English is not my native language, Spanish is. I also speak Italian, Portuguese and I am fluent one hundred percent in all these languages. But I admit that I make typos and several mistakes when I write in my non-native languages, but I always try to learn and speak better, even in Spanish and I am always willing to learn from my mistakes. That is why I am a serious critic of misconduct in expressions in the languages mentioned above.
So here it goes, my pet peeve of today: Troop VS Trooper
I often hear reporters on American TV channels talking about “troops”. The first time when I listened to that word being misused was when the war in Afghanistan was being announced by different TV reporters back in October 2001.
They were mentioning the amount of “troops” that President George Bush was sending. I was astonished! They said ten thousand of them were parting from USA. So I started to make my own calculations and said well, if a troop has a minimum of 3 to 5 platoons;
One platoon has 2 to 4 squads, and each squad has 10 to 14 troopers or soldiers, then a platoon has about 50 soldiers, then a troop has a minimum of 250 men. If President George Bush was sending 10,000 troops then he was sending about 2, 500,000 (two and a half million) soldiers or troopers!
And next week they said more “troops” were leaving to the Middle East. By then I knew how erroneous and non-well educated in their own language they were: when they were saying “troops” they were referring to a singular, to one man, which is wrong.
For some English speakers a “trooper” is a mounted soldier. For others, a “trooper” is a policeman who patrols the roads of a U.S. state in a car.
As to “how a plural word becomes singular,” the answer has to be “by being used that way.”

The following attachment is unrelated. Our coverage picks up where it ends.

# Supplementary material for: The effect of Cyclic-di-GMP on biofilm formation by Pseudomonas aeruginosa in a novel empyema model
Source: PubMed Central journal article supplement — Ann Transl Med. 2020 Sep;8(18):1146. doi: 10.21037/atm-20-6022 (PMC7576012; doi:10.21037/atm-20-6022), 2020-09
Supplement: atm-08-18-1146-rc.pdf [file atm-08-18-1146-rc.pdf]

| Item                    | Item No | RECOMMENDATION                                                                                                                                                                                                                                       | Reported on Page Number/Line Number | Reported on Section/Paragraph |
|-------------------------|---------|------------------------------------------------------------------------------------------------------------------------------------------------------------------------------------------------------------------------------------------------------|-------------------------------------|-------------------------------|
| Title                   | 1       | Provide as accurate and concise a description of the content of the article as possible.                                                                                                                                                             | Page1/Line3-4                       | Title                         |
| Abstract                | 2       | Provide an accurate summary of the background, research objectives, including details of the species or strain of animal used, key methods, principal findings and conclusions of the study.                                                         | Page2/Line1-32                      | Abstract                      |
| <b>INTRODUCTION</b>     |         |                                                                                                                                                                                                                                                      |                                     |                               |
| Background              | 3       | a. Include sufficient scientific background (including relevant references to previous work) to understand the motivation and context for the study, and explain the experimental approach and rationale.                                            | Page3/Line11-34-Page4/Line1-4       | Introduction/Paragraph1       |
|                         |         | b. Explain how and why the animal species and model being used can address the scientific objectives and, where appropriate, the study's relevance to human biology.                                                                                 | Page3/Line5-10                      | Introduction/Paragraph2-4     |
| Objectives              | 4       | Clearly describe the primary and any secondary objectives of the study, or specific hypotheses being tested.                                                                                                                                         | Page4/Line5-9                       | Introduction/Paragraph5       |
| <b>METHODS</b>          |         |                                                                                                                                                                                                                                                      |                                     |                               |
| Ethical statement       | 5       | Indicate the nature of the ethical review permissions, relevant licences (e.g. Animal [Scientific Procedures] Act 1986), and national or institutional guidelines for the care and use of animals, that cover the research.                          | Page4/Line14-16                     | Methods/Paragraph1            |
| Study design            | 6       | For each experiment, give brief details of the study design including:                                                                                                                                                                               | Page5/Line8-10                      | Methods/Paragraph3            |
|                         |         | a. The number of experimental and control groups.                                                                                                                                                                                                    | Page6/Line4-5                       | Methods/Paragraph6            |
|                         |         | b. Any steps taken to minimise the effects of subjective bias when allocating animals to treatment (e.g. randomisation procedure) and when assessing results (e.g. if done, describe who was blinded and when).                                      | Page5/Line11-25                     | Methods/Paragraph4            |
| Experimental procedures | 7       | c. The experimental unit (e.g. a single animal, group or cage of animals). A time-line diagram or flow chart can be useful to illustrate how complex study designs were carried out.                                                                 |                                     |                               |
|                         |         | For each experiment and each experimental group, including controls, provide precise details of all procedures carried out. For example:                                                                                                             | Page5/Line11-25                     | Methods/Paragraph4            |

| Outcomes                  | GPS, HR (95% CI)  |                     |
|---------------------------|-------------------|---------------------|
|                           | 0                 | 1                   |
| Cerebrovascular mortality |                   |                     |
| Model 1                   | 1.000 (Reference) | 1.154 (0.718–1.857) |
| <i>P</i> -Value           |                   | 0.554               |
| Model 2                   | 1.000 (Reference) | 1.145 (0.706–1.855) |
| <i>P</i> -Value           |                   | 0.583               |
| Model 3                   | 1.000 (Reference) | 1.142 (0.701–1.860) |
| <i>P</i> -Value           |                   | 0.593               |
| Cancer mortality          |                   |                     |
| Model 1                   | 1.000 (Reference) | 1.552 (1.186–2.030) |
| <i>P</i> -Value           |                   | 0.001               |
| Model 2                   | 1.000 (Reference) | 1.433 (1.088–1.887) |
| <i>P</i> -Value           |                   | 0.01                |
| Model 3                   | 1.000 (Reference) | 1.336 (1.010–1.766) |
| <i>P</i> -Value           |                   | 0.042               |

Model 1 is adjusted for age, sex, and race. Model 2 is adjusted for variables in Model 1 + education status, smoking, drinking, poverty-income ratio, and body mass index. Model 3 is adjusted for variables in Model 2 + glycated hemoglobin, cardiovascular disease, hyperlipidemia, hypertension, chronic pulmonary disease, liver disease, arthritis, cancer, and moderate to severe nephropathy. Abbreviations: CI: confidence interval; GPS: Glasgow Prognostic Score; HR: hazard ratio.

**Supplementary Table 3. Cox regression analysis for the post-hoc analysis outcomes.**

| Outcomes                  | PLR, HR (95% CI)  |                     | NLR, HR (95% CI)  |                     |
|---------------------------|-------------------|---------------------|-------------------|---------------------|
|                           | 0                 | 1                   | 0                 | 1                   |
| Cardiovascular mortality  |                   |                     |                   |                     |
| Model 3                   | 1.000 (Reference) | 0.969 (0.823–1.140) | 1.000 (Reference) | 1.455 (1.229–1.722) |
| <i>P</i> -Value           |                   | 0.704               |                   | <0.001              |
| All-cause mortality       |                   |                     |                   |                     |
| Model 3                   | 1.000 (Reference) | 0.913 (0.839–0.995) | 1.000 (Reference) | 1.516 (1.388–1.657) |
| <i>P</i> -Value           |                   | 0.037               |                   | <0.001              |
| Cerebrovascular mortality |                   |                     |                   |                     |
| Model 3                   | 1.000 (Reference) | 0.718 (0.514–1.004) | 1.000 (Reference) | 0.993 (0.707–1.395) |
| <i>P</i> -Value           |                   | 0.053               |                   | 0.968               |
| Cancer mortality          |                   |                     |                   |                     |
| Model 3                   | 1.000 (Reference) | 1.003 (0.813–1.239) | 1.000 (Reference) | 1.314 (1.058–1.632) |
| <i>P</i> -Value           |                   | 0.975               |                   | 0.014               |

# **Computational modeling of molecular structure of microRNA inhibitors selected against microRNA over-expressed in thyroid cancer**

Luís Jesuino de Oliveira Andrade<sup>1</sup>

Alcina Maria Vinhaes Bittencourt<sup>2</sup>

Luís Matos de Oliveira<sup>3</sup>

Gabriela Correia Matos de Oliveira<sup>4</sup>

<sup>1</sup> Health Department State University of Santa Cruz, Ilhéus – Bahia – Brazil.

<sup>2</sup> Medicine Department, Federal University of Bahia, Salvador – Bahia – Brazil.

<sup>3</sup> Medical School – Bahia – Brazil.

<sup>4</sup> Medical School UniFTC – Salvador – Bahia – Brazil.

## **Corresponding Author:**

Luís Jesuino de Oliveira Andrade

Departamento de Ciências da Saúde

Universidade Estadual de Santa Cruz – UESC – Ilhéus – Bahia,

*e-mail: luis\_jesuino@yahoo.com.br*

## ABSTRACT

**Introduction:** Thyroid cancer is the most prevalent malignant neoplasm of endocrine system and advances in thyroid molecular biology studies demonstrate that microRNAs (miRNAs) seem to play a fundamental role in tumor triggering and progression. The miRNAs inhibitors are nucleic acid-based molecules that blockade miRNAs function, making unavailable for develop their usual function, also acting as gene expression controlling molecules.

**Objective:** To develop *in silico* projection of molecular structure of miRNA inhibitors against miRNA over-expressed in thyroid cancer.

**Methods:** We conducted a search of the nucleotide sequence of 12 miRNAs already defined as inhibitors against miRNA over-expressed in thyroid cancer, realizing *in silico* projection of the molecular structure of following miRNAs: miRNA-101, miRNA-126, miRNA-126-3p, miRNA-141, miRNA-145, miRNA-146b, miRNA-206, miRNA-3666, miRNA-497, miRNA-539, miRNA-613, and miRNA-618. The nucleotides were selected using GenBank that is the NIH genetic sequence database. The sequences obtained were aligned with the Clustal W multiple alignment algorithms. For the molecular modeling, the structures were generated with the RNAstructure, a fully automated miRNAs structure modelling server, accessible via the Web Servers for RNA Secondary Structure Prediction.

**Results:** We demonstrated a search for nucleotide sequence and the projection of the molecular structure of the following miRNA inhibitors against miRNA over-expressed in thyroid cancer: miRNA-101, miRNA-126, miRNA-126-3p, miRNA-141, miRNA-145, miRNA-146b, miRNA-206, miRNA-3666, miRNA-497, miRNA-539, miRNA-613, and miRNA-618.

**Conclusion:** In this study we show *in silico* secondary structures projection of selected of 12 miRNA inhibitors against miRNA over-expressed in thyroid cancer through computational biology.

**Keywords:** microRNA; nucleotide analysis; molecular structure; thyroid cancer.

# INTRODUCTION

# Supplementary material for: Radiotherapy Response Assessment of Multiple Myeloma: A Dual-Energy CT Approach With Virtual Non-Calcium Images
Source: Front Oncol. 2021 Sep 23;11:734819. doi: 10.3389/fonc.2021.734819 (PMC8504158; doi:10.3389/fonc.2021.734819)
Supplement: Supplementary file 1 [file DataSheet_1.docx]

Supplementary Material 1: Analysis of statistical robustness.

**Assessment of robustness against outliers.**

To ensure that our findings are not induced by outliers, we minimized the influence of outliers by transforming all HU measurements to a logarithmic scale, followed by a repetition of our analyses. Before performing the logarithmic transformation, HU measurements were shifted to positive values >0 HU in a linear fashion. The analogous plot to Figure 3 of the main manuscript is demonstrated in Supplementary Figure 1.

However, just because a usage is widespread or has been added to a dictionary doesn’t mean that it is worth adopting.
Orwell’s objection to the use of inflated Latin words applies to the use of troop to stand for soldier.
The worst thing of all is that 17 years have gone by and I still hear it and read it. I can´t stop stupidity!
Why do we love (and fear, and kill) polar bears with so much intensity? At Longreads, Michael Engelhard, a wilderness guide and anthropologist, looks into the Arctic predator’s grip on our imagination.
via A Beast for the Ages — Discover
I would highly recommend that you never blindly follow anyone. Putting your faith in another person, without first knowing for sure that the person can be trusted, is like betting your house on a single roll of the roulette wheel. Not smart!
Henrik Ibsen stated, “The majority is always wrong.” Following the masses, just because you think that they must be right because so many people could not be wrong, is a huge mistake. Remember, the masses are just one letter away from being the asses.
Instead of following the majority, start thinking for yourself. The lazy follow the majority because they do not want to be bothered with the facts. The wise think for themselves and follow their own heart, regardless of what anyone else does.